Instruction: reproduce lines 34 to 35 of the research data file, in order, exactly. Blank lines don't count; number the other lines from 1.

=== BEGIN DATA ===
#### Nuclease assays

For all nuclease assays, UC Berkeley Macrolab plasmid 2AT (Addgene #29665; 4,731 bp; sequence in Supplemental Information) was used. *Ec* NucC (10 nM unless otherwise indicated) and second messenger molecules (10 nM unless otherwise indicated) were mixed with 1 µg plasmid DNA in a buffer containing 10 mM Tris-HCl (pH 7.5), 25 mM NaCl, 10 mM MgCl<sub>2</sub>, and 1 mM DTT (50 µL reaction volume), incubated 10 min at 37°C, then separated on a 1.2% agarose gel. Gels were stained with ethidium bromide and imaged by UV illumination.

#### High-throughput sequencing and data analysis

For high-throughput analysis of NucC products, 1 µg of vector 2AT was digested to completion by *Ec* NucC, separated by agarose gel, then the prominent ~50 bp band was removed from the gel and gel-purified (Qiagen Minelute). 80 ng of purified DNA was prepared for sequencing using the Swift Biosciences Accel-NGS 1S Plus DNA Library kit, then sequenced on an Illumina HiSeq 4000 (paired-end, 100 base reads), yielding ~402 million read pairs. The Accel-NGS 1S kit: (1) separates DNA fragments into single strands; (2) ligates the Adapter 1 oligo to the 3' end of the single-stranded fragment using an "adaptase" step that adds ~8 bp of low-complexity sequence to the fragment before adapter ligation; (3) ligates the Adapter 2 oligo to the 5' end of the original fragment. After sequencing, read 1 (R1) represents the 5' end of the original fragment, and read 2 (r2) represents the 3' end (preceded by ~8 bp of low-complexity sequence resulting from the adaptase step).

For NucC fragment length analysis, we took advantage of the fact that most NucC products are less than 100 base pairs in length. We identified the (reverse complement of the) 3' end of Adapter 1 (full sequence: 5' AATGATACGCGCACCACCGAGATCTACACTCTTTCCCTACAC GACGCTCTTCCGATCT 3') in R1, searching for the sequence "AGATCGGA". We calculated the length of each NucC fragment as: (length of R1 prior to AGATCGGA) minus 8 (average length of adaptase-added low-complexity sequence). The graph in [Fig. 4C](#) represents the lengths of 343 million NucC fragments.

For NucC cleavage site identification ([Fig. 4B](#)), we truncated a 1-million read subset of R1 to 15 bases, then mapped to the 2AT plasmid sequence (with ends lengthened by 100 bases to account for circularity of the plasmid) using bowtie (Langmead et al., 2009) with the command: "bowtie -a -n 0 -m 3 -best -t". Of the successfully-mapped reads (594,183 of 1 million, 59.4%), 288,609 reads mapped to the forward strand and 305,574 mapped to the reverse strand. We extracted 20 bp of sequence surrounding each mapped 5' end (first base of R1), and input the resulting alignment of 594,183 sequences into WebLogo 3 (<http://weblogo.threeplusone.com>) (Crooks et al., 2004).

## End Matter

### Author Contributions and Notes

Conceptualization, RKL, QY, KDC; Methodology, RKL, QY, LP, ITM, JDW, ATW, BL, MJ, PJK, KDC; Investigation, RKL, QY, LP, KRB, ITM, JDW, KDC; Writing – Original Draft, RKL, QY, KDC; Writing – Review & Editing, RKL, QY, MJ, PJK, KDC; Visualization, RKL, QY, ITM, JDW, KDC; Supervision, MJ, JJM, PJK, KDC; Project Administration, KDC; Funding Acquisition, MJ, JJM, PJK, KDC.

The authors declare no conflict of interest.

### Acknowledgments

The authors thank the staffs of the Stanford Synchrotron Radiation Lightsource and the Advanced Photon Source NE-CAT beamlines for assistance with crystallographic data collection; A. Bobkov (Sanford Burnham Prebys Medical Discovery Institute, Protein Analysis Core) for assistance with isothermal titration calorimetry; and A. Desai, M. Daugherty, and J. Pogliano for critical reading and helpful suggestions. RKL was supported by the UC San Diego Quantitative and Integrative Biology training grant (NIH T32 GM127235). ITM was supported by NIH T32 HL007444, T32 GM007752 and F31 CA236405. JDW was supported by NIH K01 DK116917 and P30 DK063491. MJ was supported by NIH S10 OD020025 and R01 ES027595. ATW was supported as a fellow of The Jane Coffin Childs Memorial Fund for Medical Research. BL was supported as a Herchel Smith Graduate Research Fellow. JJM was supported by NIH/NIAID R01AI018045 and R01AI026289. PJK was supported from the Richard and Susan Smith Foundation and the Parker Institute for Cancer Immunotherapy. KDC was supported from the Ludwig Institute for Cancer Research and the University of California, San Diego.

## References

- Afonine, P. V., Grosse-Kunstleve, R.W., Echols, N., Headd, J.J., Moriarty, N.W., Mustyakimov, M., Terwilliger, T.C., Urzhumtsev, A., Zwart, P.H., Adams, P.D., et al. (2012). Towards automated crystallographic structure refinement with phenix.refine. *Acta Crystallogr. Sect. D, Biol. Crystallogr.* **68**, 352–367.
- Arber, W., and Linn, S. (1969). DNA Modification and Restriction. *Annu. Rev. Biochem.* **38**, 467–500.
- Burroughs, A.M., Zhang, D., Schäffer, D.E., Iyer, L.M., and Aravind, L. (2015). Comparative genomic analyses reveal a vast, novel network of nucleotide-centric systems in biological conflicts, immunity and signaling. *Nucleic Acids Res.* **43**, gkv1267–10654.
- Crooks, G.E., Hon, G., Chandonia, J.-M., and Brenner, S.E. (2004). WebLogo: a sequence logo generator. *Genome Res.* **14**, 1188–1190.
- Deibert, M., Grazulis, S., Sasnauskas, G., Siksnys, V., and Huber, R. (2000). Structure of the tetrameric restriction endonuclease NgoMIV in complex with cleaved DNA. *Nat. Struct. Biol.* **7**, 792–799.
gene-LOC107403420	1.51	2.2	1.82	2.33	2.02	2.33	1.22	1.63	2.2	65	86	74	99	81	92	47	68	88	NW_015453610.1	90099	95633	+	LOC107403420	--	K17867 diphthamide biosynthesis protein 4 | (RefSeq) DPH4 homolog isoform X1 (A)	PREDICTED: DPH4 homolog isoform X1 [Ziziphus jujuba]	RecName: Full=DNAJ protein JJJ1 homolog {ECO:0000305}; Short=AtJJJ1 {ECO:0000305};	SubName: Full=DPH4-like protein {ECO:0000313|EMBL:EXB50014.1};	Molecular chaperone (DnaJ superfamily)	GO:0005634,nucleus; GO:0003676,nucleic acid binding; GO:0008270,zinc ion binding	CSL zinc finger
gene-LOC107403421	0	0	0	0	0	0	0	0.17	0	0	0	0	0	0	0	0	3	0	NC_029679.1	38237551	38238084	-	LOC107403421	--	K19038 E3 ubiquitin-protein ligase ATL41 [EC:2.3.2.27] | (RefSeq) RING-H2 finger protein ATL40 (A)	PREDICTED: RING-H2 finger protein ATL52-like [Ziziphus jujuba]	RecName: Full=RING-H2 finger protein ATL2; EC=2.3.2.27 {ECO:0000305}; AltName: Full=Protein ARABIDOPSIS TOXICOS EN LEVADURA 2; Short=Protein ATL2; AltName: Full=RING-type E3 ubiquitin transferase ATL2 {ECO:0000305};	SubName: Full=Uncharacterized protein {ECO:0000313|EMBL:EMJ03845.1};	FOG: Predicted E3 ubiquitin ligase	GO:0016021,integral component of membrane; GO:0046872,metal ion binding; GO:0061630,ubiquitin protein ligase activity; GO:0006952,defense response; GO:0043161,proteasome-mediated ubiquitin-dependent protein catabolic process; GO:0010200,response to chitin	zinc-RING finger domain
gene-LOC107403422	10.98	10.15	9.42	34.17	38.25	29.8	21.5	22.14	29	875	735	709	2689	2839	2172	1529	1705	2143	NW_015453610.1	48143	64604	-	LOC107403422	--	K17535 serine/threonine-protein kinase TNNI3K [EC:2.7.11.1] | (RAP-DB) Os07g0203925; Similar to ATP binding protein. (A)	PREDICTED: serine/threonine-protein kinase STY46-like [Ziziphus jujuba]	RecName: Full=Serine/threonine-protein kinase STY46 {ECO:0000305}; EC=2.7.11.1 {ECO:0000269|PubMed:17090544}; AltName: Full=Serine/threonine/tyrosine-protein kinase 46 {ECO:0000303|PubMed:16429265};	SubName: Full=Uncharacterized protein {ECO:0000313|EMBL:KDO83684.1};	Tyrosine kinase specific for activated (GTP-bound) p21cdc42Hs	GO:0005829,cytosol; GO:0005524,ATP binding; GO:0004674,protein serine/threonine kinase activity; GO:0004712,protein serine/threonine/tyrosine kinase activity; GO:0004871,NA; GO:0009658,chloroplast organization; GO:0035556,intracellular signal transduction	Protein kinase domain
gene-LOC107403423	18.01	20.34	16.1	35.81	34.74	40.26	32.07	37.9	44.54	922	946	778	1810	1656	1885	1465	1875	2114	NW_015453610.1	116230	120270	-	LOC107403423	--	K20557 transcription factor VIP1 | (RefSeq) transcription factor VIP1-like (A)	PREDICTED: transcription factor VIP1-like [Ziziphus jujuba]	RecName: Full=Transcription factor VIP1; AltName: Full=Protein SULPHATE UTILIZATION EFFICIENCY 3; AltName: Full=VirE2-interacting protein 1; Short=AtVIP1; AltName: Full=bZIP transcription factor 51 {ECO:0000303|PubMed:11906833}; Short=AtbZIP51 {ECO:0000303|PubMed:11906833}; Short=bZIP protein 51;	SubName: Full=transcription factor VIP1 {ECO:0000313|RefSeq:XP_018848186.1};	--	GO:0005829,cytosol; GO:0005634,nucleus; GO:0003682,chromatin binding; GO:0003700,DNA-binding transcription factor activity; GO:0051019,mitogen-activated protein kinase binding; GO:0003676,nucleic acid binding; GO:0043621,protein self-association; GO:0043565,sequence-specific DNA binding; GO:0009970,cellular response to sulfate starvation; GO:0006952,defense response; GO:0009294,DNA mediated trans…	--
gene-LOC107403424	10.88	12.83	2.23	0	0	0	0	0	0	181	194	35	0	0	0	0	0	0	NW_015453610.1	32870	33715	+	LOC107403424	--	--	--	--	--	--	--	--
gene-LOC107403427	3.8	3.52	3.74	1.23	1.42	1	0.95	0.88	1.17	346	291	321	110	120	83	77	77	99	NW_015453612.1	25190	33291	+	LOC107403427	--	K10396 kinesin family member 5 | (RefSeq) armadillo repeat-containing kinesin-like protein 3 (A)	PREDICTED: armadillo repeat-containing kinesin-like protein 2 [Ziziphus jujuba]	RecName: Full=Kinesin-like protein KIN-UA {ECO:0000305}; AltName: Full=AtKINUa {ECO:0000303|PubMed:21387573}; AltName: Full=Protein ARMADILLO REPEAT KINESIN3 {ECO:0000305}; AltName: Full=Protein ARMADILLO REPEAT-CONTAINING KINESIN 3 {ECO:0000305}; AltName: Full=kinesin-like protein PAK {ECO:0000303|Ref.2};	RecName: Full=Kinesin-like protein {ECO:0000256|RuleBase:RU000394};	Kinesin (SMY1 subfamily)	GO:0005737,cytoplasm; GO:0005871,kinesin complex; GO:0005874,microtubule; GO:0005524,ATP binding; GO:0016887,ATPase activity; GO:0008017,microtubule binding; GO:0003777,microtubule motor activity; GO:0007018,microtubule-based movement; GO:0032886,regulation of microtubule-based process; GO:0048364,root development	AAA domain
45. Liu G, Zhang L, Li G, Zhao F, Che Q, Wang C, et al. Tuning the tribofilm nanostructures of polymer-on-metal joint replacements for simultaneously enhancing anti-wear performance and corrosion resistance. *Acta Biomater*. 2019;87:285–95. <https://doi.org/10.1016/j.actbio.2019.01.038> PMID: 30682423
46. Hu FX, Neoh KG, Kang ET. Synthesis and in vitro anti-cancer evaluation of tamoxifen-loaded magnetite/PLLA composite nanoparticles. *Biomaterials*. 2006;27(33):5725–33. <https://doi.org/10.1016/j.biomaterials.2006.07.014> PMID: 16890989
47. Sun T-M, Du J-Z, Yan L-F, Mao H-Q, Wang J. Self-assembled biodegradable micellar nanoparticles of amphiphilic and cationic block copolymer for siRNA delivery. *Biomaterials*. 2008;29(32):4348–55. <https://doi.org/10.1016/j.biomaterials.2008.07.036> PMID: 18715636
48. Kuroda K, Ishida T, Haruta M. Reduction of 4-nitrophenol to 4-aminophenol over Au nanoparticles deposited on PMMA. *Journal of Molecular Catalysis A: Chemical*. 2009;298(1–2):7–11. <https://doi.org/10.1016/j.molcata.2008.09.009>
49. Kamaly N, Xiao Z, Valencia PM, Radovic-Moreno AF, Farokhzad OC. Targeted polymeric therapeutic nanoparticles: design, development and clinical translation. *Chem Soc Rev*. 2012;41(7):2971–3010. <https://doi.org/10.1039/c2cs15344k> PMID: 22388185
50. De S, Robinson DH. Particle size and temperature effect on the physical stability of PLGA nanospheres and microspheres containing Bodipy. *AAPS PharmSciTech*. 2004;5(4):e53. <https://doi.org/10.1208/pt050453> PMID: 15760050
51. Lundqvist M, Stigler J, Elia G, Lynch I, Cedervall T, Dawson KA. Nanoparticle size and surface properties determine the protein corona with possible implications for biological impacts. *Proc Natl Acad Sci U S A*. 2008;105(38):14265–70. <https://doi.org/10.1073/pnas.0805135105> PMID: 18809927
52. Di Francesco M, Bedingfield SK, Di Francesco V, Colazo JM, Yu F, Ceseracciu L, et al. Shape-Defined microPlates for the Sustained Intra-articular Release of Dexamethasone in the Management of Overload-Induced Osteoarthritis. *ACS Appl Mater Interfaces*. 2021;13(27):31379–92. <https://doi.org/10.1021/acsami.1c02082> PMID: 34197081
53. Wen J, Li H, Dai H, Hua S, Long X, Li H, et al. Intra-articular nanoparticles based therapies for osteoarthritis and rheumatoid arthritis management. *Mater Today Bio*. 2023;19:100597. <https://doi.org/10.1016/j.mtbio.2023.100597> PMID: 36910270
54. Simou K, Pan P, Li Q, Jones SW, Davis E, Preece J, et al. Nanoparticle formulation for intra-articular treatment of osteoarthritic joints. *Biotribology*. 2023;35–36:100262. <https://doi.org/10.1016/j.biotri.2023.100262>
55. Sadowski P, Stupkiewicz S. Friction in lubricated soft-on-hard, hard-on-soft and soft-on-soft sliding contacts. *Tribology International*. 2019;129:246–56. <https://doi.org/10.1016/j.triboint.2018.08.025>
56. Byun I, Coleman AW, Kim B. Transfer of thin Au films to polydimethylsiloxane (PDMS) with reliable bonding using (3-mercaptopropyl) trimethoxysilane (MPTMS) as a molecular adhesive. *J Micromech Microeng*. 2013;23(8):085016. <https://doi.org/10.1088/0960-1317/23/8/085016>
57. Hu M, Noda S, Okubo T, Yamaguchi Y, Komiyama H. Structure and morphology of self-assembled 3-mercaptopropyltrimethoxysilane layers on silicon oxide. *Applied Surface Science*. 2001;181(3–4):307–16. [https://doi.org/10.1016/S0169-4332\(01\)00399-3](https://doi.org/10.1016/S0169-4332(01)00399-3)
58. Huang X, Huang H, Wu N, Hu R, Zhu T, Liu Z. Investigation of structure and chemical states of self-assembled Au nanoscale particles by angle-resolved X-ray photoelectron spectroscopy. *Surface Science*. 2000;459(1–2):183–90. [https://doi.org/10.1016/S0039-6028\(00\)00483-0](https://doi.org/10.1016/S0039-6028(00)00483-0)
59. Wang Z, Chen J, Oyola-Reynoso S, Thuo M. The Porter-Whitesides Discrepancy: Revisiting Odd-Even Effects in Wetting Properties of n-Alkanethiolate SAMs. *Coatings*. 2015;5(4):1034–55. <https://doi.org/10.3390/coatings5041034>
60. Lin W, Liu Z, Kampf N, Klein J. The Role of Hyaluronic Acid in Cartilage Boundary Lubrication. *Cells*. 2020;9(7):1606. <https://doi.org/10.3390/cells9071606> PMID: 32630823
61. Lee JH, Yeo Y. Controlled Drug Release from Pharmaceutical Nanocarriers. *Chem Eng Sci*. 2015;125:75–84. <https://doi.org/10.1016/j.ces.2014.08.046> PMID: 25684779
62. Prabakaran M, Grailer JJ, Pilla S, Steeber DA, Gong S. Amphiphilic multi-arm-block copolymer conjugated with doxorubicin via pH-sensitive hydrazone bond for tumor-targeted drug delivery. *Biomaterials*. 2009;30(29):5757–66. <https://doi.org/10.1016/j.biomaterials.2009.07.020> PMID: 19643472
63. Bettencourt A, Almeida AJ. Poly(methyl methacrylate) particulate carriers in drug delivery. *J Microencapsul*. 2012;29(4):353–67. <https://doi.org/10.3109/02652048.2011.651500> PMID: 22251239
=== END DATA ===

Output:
54. Simou K, Pan P, Li Q, Jones SW, Davis E, Preece J, et al. Nanoparticle formulation for intra-articular treatment of osteoarthritic joints. *Biotribology*. 2023;35–36:100262. <https://doi.org/10.1016/j.biotri.2023.100262>
55. Sadowski P, Stupkiewicz S. Friction in lubricated soft-on-hard, hard-on-soft and soft-on-soft sliding contacts. *Tribology International*. 2019;129:246–56. <https://doi.org/10.1016/j.triboint.2018.08.025>